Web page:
by Sharon Lindbloom
18 March 2019
On March 7th (2019) the Newsroom of The Church of Jesus Christ of Latter-day Saints posted what it called an “unprecedented video production within one of the Church’s most sacred spaces.” This video is a virtual tour of the church’s new temple in Rome, Italy. Led by two Mormon apostles, David Bednar and Ronald Rasband, viewers get a look at several areas within the temple accompanied by short explanations from these church leaders.
I was not able to visit the Rome temple in person, but I have been to many other LDS temple open houses. My impression of the virtual tour video of the Rome temple is that, much like a live temple tour, by the end of it people have little understanding of what they’ve seen and even less insight into the unique teachings of Mormonism.
The virtual tour of the Rome temple is rather misleading. Generally, this is not due to overt misinformation (for an exception, see Ronald Rasband’s assertion that “Baptism for the dead was taught by the apostle Paul in the New Testament” at 3 minutes and 13 seconds). Rather, the viewer is misled via significant omission. Beyond omitting certain rooms from the tour of the temple and neglecting to mention, for example, the temple ordinance of washing and anointing, or key words, signs, and tokens which are such an integral part of the endowment ordinance, the whole temple tour experience for non-Mormons begins and progresses while rooted in a fundamental misunderstanding.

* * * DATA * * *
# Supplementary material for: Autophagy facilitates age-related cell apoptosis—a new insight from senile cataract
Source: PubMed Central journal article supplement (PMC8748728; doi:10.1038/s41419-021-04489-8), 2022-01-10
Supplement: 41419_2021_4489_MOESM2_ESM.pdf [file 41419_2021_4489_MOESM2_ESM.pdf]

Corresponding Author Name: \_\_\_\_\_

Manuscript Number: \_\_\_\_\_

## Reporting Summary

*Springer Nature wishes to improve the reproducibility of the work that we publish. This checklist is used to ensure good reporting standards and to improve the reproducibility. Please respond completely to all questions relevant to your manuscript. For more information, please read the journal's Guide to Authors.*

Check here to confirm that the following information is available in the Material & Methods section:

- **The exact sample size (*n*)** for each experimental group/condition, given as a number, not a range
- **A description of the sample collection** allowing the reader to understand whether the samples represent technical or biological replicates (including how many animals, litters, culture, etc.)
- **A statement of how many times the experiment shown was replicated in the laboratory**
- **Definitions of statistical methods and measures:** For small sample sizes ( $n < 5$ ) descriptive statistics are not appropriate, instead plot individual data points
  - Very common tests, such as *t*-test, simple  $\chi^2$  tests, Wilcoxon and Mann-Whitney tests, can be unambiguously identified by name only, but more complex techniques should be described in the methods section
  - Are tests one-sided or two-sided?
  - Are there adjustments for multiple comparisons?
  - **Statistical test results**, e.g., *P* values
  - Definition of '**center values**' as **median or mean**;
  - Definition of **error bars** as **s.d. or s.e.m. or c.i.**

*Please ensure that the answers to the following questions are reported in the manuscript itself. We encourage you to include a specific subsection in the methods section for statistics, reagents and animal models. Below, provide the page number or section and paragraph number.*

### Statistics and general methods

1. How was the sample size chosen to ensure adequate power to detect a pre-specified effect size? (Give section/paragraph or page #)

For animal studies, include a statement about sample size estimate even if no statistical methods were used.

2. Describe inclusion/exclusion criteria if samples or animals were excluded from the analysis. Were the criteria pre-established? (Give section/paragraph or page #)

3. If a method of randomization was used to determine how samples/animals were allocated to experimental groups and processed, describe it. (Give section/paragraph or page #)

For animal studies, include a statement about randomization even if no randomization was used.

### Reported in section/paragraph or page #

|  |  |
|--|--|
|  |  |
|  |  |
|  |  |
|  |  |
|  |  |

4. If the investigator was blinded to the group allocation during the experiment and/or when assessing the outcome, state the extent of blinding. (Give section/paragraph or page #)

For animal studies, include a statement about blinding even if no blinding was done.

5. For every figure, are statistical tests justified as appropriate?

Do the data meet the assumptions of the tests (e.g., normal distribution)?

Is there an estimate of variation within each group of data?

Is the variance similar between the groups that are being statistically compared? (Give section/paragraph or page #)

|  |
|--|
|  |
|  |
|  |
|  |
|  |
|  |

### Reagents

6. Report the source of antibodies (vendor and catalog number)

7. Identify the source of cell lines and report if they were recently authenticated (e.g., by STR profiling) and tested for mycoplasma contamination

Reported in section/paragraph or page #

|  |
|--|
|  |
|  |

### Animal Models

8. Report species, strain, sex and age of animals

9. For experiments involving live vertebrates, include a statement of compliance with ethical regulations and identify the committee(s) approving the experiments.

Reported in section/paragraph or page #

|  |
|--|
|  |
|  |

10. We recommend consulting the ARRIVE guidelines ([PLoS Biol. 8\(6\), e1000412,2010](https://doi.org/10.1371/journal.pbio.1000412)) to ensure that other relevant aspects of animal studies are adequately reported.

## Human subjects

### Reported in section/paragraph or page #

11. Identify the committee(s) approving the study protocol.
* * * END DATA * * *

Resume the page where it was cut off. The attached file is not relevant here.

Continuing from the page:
The video tour beings with the Mormon Prophet-President Russell Nelson extending a welcome to visitors, explaining that “a temple is literally a house of the Lord.” But never during the entire tour is it explained that the God whose “house” this is, is not the God non-Mormons assume He is. The omission of this information leads to a fundamental misunderstanding of each ordinance, each explanation, and each declaration made by the apostles as they lead the virtual tour.
If viewers/visitors knew that the LDS view of God the Father requires that Mormonism’s Heavenly Father was once a mortal man living on another world, who Himself needed to go to a temple, to receive instruction and make covenants with His God, in order to achieve the heaven represented by the temple’s celestial room, the whole temple tour would make a lot more sense. And the church would also be providing a much truer demonstration of what LDS temples are actually for.
I think it would be of great value for visitors and viewers to approach their temple tour with this fundamental knowledge about the God of whom the LDS leaders speak. This information could easily be incorporated into temple tours by, for example, restructuring the tour to be a narrative that follows Mormonism’s Heavenly Father (while he was yet mortal) through His own temple ordinances. What would that kind of temple tour look like?
I’ve edited parts of the narration of the church’s virtual tour video to reflect this idea. As you read on, please note that the editing (primarily of tenses and personal pronouns), as well as any additions to the Mormon apostles’ actual words, are presented in italics; everything in this proposed tour is consistent with official LDS teachings.
Now imagine, if you will, that two LDS apostles have invited you to follow Mormonism’s pre-deified Heavenly Father through His temple sessions…
Russell Nelson: Each temple is a holy sanctuary in which sacred ceremonies and ordinances of the gospel are performed, by and for the living, and also on behalf of the dead… In this recording…you will hear from two apostles of the Lord about promises that the man who became our Heavenly Father (that is, our God) made there to become a better person by following His Lord and Savior.